5 Steps to Successful Canine Massage
You may have read the title of this blogpost and thought, “How can canine massage not be successful?” It is possible. Have you ever had a massage that you did not enjoy? As humans, we may not want to tell the massage therapist that we are not enjoying it. Maybe we do not want to hurt their feelings, or we do not want to seem unappreciative. So we endure the massage and either do not return the next time, or return with a feeling of aversion. Yet, dogs often will tell you that they are not enjoying the massage. And that’s a good thing. It helps you understand what they might need to feel more comfortable. Here are a few ways to help ensure a successful canine massage.
1. Set the Mood. Soft music is relaxing. I like to use the Through a Dog’s Ear CD, or I find soothing music for free on You Tube. Find something that feels calming to you and it will likely be calming for your dog. Aromatherapy can also help your dog relax. Effusing essential oils like chamomile or lavender can be very comforting to both you and your dog. In addition, give your dog something pleasing to lie on, whether it is his bed, or a favorite blanket.
2. Control the Environment. Find a quiet spot that is also a restful one for your dog. For example, if there is a quiet room in your house, but you and your dog do not typically go into that room, this may not be a relaxing place for your dog. Utilize a space where he normally rests or sleeps and remove distractions that may interrupt the massage. Give the massage during a quiet part of the day. Late afternoon and early evening when the kids are coming home from school or after you just arrived home from work are not ideal times for your dog to feel calm. Mid-morning or later in the evening before bedtime could prove opportune times for a relaxing moment.
3. Be Patient. Your dog may not be used to slow and gentle touching from you. Maybe he is more familiar with a lot of play or energetic interaction with you. He may try to lick your face, offer his paw, or initiate play because you are sitting on the ground with him. This new experience could even be stressful because it is unusual and different for him. Sit quietly to encourage him to do the same. Do not engage in eye contact, which can be exciting. Take deep breaths and be calm yourself. Allow your dog to settle without pushing him into a Down or telling him to relax. I don’t know your experience, but when someone tells me to relax, it has the opposite effect!!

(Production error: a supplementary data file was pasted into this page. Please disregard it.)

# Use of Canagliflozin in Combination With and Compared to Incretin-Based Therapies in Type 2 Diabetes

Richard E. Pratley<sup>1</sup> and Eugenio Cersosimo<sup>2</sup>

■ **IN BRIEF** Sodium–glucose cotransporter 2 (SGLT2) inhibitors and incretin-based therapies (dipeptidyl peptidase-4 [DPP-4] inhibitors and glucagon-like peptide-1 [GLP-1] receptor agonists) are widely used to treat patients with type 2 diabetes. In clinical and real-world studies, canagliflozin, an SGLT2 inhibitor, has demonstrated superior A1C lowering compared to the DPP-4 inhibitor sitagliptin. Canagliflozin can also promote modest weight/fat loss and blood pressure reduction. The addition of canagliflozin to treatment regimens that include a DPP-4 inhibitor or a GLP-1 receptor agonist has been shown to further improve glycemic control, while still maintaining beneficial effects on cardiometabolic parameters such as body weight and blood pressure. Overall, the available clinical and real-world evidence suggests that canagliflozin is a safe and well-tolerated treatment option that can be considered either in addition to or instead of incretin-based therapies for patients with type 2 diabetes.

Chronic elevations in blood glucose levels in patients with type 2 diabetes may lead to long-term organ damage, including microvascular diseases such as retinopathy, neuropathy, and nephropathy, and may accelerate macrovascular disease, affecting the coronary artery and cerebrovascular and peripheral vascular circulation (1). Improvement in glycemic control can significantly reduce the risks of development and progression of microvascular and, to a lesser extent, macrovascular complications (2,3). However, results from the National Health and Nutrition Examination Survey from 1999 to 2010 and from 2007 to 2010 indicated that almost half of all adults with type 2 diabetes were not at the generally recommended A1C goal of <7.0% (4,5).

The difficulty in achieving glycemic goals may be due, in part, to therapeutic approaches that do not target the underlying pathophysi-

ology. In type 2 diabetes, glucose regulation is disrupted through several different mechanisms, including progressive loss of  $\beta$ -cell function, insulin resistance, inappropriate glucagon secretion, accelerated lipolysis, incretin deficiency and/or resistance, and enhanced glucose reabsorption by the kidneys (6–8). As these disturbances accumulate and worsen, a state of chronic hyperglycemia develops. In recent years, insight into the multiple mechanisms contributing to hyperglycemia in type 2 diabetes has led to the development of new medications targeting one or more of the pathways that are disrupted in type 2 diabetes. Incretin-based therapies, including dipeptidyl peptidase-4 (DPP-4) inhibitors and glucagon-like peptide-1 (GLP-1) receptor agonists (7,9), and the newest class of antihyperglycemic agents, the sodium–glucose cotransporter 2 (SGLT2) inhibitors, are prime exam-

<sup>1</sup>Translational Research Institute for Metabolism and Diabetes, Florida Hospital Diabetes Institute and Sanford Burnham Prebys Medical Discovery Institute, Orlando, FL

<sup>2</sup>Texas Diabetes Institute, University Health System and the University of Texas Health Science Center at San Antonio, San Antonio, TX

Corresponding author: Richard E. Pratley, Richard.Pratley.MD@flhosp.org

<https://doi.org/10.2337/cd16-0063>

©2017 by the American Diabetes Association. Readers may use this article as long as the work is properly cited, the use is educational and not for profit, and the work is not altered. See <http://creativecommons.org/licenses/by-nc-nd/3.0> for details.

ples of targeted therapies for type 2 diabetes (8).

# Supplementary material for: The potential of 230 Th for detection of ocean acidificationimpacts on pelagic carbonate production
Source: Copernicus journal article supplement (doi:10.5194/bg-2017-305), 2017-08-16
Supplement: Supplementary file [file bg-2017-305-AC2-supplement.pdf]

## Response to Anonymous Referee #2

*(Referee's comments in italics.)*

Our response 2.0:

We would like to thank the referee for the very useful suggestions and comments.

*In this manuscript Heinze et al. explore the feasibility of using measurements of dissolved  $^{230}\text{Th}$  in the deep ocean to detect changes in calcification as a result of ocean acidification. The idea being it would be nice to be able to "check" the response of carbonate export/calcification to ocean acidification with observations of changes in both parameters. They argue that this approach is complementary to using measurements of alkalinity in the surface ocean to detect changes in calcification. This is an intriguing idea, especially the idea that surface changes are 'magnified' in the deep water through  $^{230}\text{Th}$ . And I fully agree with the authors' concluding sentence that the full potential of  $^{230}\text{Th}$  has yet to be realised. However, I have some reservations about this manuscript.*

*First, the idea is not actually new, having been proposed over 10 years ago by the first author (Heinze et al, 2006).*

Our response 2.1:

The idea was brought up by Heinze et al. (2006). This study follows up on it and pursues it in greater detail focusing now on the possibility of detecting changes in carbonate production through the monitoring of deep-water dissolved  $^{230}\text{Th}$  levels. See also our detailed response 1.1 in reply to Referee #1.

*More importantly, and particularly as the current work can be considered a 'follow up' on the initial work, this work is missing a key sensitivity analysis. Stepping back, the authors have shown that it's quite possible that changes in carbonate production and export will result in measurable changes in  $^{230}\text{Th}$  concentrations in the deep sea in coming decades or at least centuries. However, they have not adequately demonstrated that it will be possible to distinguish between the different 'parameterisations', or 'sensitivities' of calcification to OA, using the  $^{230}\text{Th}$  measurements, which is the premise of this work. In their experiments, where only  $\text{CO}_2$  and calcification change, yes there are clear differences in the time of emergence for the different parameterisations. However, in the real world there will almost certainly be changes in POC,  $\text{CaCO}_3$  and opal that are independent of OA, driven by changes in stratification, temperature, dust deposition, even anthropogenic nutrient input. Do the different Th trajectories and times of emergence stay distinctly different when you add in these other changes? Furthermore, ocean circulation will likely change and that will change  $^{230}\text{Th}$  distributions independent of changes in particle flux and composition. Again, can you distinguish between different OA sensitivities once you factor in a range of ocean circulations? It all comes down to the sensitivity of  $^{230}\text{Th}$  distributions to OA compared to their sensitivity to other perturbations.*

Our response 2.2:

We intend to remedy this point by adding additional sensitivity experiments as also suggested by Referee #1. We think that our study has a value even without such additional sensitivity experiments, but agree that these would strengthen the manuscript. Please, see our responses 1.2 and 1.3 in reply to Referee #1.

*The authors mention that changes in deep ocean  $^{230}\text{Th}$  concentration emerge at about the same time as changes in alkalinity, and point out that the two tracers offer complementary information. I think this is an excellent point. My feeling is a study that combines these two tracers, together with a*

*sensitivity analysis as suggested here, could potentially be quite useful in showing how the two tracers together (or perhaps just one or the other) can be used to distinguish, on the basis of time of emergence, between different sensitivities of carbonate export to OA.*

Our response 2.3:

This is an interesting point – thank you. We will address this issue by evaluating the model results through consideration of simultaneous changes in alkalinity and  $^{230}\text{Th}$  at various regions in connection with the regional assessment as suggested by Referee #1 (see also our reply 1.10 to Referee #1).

4. Be Gentle. I frequently see videos online of people giving vigorous massages to their dogs and sometimes even tapping them across their noses and faces! This is not relaxing. Think of how you would want to be touched. Can you relax while your body is being pushed energetically about or while your nose and face are being suddenly tapped? Slow down, take a breath, and be gentle. Start with the parts your dog enjoys having touched. For some, this might be the forehead or ears. For others, it may be the chest or neck. Stay in these areas until you feel your dog relaxing. Then you can move onto the shoulders or legs as your dog is comfortable.
5. Allow Your Dog to Walk Away. This is your dog’s way of saying no. Maybe the massage is uncomfortable or painful. Or maybe it has been several minutes and he’s all done. This is OK. You may try to call him back once, but if he doesn’t want to return, that’s OK. You can try again the next day and maybe he will be more comfortable. It may take him a few sessions until he can have a complete massage. Again, be patient. When he starts to feel the positive effect of the massage, it is likely he will want to experience it again. Allowing him to walk away when he wants will give you information about what he is feeling and will help you be more aware of what he needs the next time.
Keep these 5 steps in mind and you are on your way to a successful massage. Interested in having someone else give the canine massage for you? I am a certified canine massage therapist and I can do that! Please visit my website page on massage for information and rates.
Lynn Webb, M.A., KPA CTP, CTMT